Dog bloat, also known as bloating, dog bloating, bloat, or its medical name, Gastric Dilation-Volvulus (or Gastric Dilation and Volvulus), is a condition that can be serious if left untreated.

Sometimes, bloating can be caused simply by your pup eating too much at once. A few minutes and some gas release and all is well again. A newborn puppy's bloated belly is fairly normal, too.

At other times, however, a bloated tum can evolve into a condition that affects the pup’s respiratory system as well as the digestive system. It could even potentially cause death.

But when can you provide dog gas relief? Is it possible to prevent dog bloat? What happens if you don’t do anything about it?

Let’s jump right in and find out.



What is Dog Bloat?

GDV occurs when too much air enters a dog’s stomach. This causes the organ to expand, like a balloon – “gastro dilation”.

If the organ expands too much, it will turn right over on itself, preventing matter from entering or exiting – food, waste, etc. When this happens, vets call it a “volvulus”, which makes up the second part of the name.

According to research, bloat, or GDV, is a condition that initially affects the digestive system of a dog, but once the stomach starts to expand and twist around on itself, the condition affects other organs. The contorted stomach pushes against the lungs and diaphragm, causing unstable breathing and a range of other respiratory problems.

Dog Bloating and Gastric Dilation-Volvulus: Signs and Symptoms

One of the obvious signs of dog bloating will, of course, be actual bloating around the abdomen. This is not the only symptom, however.

The following symptoms can appear very quickly after your pup’s stomach has started to enlarge:

  • Excessive drooling;
  • Faster than usual breathing;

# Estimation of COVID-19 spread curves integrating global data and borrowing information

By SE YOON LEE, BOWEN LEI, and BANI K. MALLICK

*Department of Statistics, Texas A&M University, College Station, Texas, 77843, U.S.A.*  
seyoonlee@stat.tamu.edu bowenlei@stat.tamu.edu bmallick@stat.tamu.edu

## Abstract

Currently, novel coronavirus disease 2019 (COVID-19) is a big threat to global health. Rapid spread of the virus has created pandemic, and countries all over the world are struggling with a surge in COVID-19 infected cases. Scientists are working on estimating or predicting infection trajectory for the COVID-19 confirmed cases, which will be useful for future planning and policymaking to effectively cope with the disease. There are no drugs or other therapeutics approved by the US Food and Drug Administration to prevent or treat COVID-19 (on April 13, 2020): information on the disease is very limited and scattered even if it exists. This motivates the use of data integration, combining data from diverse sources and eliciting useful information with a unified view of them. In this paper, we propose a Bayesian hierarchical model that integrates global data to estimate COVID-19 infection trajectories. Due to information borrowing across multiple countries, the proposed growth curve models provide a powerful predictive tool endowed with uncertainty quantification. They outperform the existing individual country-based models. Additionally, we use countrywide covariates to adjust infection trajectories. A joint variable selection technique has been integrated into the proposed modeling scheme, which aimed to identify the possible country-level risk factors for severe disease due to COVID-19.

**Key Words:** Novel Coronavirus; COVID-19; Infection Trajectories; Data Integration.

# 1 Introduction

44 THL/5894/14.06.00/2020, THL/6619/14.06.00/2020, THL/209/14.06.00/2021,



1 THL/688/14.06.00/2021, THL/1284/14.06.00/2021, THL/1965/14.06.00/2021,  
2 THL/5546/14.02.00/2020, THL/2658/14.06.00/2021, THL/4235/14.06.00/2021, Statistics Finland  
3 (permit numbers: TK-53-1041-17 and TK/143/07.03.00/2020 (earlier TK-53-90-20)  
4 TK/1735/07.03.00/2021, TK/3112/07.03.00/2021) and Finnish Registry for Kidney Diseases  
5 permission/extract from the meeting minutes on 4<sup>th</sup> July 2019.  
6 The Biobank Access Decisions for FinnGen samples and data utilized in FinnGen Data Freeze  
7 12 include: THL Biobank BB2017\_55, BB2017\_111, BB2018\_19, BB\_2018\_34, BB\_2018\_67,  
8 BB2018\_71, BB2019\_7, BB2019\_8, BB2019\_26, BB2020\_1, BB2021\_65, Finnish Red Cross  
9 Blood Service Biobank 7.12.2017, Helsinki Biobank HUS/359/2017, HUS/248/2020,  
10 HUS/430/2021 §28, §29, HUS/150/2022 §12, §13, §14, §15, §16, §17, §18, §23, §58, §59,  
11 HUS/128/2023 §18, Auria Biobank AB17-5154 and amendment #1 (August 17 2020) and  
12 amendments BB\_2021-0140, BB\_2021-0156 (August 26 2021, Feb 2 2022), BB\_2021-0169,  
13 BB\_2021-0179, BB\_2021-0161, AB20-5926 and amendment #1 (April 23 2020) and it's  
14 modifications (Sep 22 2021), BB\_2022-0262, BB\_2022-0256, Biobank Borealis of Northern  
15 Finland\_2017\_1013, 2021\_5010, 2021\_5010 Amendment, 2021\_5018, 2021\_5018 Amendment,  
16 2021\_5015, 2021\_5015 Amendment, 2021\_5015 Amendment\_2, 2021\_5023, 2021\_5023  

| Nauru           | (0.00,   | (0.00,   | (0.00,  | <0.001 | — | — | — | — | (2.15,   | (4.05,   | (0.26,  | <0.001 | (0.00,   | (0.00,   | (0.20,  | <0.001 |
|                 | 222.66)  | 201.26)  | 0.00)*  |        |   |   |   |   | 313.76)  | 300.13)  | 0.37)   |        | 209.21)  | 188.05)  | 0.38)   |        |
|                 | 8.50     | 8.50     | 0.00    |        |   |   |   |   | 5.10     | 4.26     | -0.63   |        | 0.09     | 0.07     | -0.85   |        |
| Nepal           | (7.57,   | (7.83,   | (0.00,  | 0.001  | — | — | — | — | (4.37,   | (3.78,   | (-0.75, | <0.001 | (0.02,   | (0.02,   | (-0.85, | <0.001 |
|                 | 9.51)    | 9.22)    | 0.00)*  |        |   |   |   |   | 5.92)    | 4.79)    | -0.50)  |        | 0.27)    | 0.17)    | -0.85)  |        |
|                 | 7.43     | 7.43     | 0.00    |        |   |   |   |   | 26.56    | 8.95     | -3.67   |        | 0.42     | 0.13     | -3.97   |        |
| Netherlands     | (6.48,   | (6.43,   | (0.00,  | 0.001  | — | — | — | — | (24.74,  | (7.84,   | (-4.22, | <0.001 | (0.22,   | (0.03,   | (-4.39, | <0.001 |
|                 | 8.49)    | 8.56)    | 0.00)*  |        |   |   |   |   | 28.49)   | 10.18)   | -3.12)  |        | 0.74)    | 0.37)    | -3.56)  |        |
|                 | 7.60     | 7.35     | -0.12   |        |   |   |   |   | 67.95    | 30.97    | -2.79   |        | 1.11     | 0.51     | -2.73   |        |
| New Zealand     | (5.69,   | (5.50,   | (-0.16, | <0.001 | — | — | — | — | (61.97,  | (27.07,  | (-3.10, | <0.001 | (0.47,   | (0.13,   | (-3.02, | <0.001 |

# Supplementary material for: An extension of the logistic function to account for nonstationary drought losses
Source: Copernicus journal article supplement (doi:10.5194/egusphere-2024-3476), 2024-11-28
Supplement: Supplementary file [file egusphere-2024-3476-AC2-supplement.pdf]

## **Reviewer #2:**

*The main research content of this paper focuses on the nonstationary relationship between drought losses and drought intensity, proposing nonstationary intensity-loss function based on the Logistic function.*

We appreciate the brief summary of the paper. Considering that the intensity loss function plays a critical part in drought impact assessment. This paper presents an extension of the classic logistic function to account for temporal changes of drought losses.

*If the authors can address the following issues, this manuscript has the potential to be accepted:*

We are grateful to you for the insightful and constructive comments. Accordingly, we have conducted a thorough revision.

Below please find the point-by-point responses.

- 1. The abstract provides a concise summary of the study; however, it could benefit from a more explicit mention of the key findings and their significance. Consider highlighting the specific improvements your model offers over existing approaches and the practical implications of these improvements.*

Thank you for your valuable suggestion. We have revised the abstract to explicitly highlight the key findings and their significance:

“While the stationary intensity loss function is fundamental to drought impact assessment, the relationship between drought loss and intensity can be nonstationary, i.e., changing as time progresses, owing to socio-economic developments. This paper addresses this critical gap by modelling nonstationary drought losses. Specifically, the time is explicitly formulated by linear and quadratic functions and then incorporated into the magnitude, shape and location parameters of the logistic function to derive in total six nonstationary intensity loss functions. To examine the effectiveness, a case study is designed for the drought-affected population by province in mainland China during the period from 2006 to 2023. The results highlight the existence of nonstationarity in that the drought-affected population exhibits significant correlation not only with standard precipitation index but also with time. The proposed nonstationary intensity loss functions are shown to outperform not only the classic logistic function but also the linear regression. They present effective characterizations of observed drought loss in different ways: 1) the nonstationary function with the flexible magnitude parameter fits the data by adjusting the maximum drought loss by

• Wheezing/coughing;
  • Difficulty breathing;
  • Fast heart rate;
  • Gagging but not vomiting;
  • Change in gum shade, from pink to pale gray;
  • Vomiting a foamy substance without any food matter;
  • Unusual behavior, such as pacing or walking in circles;
  • Refusing strokes, particularly around the abdomen;
  • Unusual aggression.

You will know the symptoms that your particular pup displays when they are not well, so always trudge your gut. If you think something isn’t quite right, get them checked over. You’re not being paranoid if you do; you’re being a great pet owner!

Dog Bloat Warning:

Bloating in dogs tends to happen a little while after feeding, so a dog breed prone to GDV should be kept an eye on. You can do it with pet sitters, a neighbor or friend, or with an interactive pet camera.

Read more: Pet Sitting Alternatives

If you feed your dog and then leave the house to go to work, your dog’s stomach could bloat up after you are gone. If the bloat continues and the dog’s breathing is then restricted, your dog could be quite unwell by the time you get home.

Food Bloat in Dogs: High-Risk Breeds

Larger dogs, especially those with deep chests, suffer from bloat far more often than their smaller counterparts.

The most high-risk dog breeds for potentially fatal bloat include:

  • Airedales;
  • Basset Hounds;
  • Bloodhounds;
  • Borzois;
  • Boxers;
  • Bull Mastiffs;
  • Chow Chows;
  • Cocker Spaniels;
  • Collies;
  • Dobermans;
  • German Shepherds;
  • Golden Retrievers;
  • Gordon Setters;
  • Great Danes;
  • Greyhounds;
  • Labradors;
  • Milinois’;
  • Newfoundlands;
  • Old English Sheepdogs;
  • Poodles;
  • Rottweilers;
  • Saint Bernards;
  • Weimaraners.

Older doggos tend to suffer more from bloat than younger ones, and the risks are increased further with obesity. Some experts believe that being overweight increases the risks of bloat and GDV in dogs by as much as twenty percent.

Other risk factors include high-fat dry food diets, exercising your dog too soon after they have eaten, and a greedy doggo that eats too quickly.

What is the Survival Rate of Bloat in Dogs?

Even with early diagnosis and treatment, Gastric Dilation Volvulus in dogs is fatal in between 10% and 30% of diagnosed cases.

Bloat is a potentially serious – and deadly – condition. If you have suspicions that your furry friend is suffering from it, seek medical advice immediately.

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Food Bloat in Dogs: Treatment

Treatment for bloating in dogs will depend on how advanced it is. If the bloating is just that – bloating – gas elimination approaches will be used to get the excess air out and reduce the size of the enlarged stomach. Sometimes, this can be as simple as a walk in the park to help move some of the gas out of the body.